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Rhythm & Hues: Special Effects Powerhouse Offers Insight Into VFX Industry

In 1987, six talented California co-workers in the special effects industry decided to make a leap of faith and start their own computer animation and visual effects company.  They decided to name it Rhythm & Hues (“rhythm” for timing and “hues” for design).  During those early days in 1987, Rhythm & Hues operated with just a single computer in co-founder John Hughes’ living room.  By 1988, Rhythm & Hues had moved out of Hughes’ house and into a small office located in the basement of a Culver City dental office.  Now, let’s fast forward 25 years…

Rhythm & Hues occupied its new El Segundo offices in 2010.  The three building campus boasts 235,000 square feet of gleaming, dog-friendly offices for roughly 750 digital artists and staff, two state-of-the art screening rooms, a data center and other amenities.  The Rhythm & Hues campus is, to say the least, quite a step up from the basement.  Rhythm & Hues has a business footprint to match, as it is now a global company with offices in Mumbai, Hyderabad, Kuala Lumpur, Vancouver and another under construction in Taiwan.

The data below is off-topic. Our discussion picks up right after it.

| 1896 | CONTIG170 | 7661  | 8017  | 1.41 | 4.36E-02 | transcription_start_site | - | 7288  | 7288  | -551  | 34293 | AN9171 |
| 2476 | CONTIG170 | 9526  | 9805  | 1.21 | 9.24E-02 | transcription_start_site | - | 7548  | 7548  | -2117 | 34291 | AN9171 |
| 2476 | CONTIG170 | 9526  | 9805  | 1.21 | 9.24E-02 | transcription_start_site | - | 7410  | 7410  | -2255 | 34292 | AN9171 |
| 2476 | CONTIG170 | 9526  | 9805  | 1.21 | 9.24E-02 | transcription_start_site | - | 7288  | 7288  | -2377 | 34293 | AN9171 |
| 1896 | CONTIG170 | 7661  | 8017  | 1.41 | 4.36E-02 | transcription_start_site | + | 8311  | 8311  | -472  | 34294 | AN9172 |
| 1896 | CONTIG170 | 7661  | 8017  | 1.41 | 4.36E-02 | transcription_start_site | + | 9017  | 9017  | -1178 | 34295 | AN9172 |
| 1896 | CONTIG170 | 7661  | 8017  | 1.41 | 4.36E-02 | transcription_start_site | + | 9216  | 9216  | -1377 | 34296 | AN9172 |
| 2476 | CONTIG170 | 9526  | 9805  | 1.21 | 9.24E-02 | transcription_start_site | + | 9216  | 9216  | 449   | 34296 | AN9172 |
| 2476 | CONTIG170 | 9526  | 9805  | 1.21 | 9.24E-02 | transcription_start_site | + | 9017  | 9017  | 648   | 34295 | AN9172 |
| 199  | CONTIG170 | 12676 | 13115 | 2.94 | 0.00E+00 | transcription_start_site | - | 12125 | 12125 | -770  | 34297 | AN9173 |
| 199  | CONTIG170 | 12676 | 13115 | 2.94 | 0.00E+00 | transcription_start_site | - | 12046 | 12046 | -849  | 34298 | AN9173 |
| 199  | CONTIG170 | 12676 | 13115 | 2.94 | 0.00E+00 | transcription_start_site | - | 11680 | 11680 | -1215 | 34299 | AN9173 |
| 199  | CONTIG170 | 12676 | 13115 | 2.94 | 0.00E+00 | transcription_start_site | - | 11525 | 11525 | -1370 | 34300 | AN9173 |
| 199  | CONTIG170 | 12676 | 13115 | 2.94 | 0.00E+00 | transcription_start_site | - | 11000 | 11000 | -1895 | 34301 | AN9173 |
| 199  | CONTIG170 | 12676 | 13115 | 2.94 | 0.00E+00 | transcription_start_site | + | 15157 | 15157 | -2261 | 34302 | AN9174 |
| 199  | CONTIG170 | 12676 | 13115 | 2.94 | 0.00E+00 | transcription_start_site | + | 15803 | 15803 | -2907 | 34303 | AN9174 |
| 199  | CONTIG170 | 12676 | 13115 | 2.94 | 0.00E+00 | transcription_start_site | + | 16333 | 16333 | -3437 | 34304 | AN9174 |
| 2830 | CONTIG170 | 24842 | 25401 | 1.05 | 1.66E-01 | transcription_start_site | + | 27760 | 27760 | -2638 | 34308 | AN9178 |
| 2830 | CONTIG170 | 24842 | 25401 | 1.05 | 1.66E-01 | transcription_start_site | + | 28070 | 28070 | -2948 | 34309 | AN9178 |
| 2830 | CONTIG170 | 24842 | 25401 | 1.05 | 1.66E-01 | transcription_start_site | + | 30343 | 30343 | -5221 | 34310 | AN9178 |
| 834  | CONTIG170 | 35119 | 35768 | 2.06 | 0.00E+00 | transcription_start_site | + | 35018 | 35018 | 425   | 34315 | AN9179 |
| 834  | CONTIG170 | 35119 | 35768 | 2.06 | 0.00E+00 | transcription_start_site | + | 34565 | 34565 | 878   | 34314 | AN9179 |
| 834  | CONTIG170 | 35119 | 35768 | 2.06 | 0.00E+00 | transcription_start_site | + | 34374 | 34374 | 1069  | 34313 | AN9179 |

The explosive growth of Rhythm & Hues is almost as captivating as their award-winning special effects.   The company’s long body of work stems back to the famous CGI polar bears they created for Coca Cola commercials, to their Academy Award-winning CGI work on a lovable pig in 1995′s Babe, and recent blockbusters like Hunger Games, Snow White & the Huntsman and The Bourne Legacy.  Currently, hundreds of Rhythm & Hues digital artists are hard at work on roughly nine feature films to be released over the next year.

The amount of change Rhythm & Hues has gone through as a business is second only to the ever-evolving visual effects (VFX) industry that it helped pioneer.  According to Rhythm & Hues’ Film Division President Lee Berger, “the world has changed greatly in the last 15 years” for the VFX industry.  During that 15-year period, the VFX industry went from being based almost exclusively in California to a global industry with stiff international competition.  The trend toward globalization, according to Berger, started in the United Kingdom with a generous tax write off in the late 1990′s, which was later replaced in recent years with generous refundable tax credits.  “The tax credit trend in London changed the game and started the current [tax credit] trend,” said Berger.

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